intersection, respectively. There really isn't an operator bool, its really
    operator void*, which will allow testing for a non-empty set in an if
    statement without the nasty side-effects you will get with operator bool.
    Though I will admit that operator void* and operator ! aren't really needed,
    as there is a member that will test for an empty set (and you could also
    test for equals to NULL_SET). The ones I knew someone would question are >>
    and <<, as I almost took them out several times. But I just like the way
    they "look" for adding elements to a set. There is a + operator that does
    the same thing, but I think "S + e1 + e2" looks confusing, especially if e1
    and e2 are integers: S + 1 + 2. I think S << 1 << 2 appears more readable
    in code. Besides, the former creates a new set and the later does not, and
    S += 1 + 2 will, of course, not work. Though again there are many other
    ways to add elements to the set such as: S *= set_type(e1, e2), which will
    union S with the new set, the result of which is in S.

    Thanks,

    Rich Herrick
     
    Rich Herrick, Sep 5, 2004
    #3
  4. Rich Herrick

    David Hilsee Guest

    "Rich Herrick" <> wrote in
    message news:zBM_c.60065$...
    <snip>
    > Thanks for replying. All the relational ones match how Pascal defines

    them,
    > and are needed to do subset/superset comparisions. The / and * operators
    > are also how Pascal defines them for doing symmetric difference and
    > intersection, respectively. There really isn't an operator bool, its

    really
    > operator void*, which will allow testing for a non-empty set in an if
    > statement without the nasty side-effects you will get with operator bool.
    > Though I will admit that operator void* and operator ! aren't really

    needed,
    > as there is a member that will test for an empty set (and you could also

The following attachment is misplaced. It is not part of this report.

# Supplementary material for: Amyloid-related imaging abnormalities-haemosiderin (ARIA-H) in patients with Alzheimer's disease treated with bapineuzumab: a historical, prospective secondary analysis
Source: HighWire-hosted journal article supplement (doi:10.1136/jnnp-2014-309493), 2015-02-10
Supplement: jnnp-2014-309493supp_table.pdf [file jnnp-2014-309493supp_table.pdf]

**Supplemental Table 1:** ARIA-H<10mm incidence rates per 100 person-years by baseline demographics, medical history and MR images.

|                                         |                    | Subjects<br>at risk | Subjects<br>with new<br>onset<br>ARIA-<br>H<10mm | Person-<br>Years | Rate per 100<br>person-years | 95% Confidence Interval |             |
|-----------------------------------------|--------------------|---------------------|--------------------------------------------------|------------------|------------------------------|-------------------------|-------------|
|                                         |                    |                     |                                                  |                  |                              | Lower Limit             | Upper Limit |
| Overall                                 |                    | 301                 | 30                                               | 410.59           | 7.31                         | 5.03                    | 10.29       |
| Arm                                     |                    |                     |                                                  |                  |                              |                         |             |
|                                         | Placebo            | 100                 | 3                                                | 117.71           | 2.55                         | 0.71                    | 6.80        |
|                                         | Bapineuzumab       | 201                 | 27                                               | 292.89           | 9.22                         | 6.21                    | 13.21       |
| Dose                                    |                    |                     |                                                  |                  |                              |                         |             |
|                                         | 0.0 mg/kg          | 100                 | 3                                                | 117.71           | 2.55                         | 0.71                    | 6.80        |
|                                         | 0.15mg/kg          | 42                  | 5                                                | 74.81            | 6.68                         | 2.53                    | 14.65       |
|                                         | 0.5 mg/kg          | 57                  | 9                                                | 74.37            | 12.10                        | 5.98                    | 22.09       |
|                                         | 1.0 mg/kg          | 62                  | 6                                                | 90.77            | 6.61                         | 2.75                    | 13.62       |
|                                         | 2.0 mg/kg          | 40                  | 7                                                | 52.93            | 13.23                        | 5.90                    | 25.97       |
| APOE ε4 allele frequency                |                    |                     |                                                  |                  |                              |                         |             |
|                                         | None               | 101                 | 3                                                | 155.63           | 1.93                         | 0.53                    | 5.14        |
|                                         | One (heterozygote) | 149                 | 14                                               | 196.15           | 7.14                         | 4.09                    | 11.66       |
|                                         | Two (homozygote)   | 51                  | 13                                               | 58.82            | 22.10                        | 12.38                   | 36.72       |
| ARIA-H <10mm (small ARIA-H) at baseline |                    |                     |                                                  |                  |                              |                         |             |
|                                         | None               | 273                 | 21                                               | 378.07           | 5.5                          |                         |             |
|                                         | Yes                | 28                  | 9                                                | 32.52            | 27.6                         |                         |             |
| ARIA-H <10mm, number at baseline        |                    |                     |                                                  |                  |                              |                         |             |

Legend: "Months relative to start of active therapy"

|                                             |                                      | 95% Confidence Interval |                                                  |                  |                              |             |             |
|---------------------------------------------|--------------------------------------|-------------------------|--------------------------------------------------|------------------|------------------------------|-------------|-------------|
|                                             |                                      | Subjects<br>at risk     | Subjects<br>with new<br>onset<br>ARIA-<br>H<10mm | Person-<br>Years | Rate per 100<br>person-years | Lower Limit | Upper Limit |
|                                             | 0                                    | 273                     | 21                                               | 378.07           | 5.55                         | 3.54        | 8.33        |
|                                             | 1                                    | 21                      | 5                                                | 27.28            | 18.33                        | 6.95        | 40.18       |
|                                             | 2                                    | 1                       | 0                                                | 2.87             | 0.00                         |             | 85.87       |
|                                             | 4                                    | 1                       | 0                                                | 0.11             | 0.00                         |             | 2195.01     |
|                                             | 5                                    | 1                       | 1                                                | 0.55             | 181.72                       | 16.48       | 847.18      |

> test for equals to NULL_SET). The ones I knew someone would question are
    >>

    > and <<, as I almost took them out several times. But I just like the way
    > they "look" for adding elements to a set. There is a + operator that does
    > the same thing, but I think "S + e1 + e2" looks confusing, especially if

    e1
    > and e2 are integers: S + 1 + 2. I think S << 1 << 2 appears more readable
    > in code. Besides, the former creates a new set and the later does not,

    and
    > S += 1 + 2 will, of course, not work. Though again there are many other
    > ways to add elements to the set such as: S *= set_type(e1, e2), which will
    > union S with the new set, the result of which is in S.


    I'll buy the other operators, but I think that <<, >>, !, nad operator void*
    are, at the very least, questionable. Also, the == and != for set
    membership seem odd, because I pronounce the code "If element e is equal to
    set s" when it really means "if set s contains element e".

    A few more questions:

    Why does the traits class provide the array element type? Why would anyone
    want to customize the element?

    Why even bother with an array? Why does std::bitset not provide what you
    need? It took me a few minutes to wrap my head around the "traits" code,
    and then I realized that it was basically implementing std::bitset. I think
    that's what it's doing, anyway.

    --
    David Hilsee
     
    David Hilsee, Sep 6, 2004
    #4
  5. Rich Herrick

    Rich Herrick Guest

    "David Hilsee" <> wrote in message
    news:...
    > "Rich Herrick" <> wrote in
    > message news:zBM_c.60065$...
    > <snip>
    > I'll buy the other operators, but I think that <<, >>, !, nad operator

    void*
    > are, at the very least, questionable. Also, the == and != for set
    > membership seem odd, because I pronounce the code "If element e is equal

    to
    > set s" when it really means "if set s contains element e".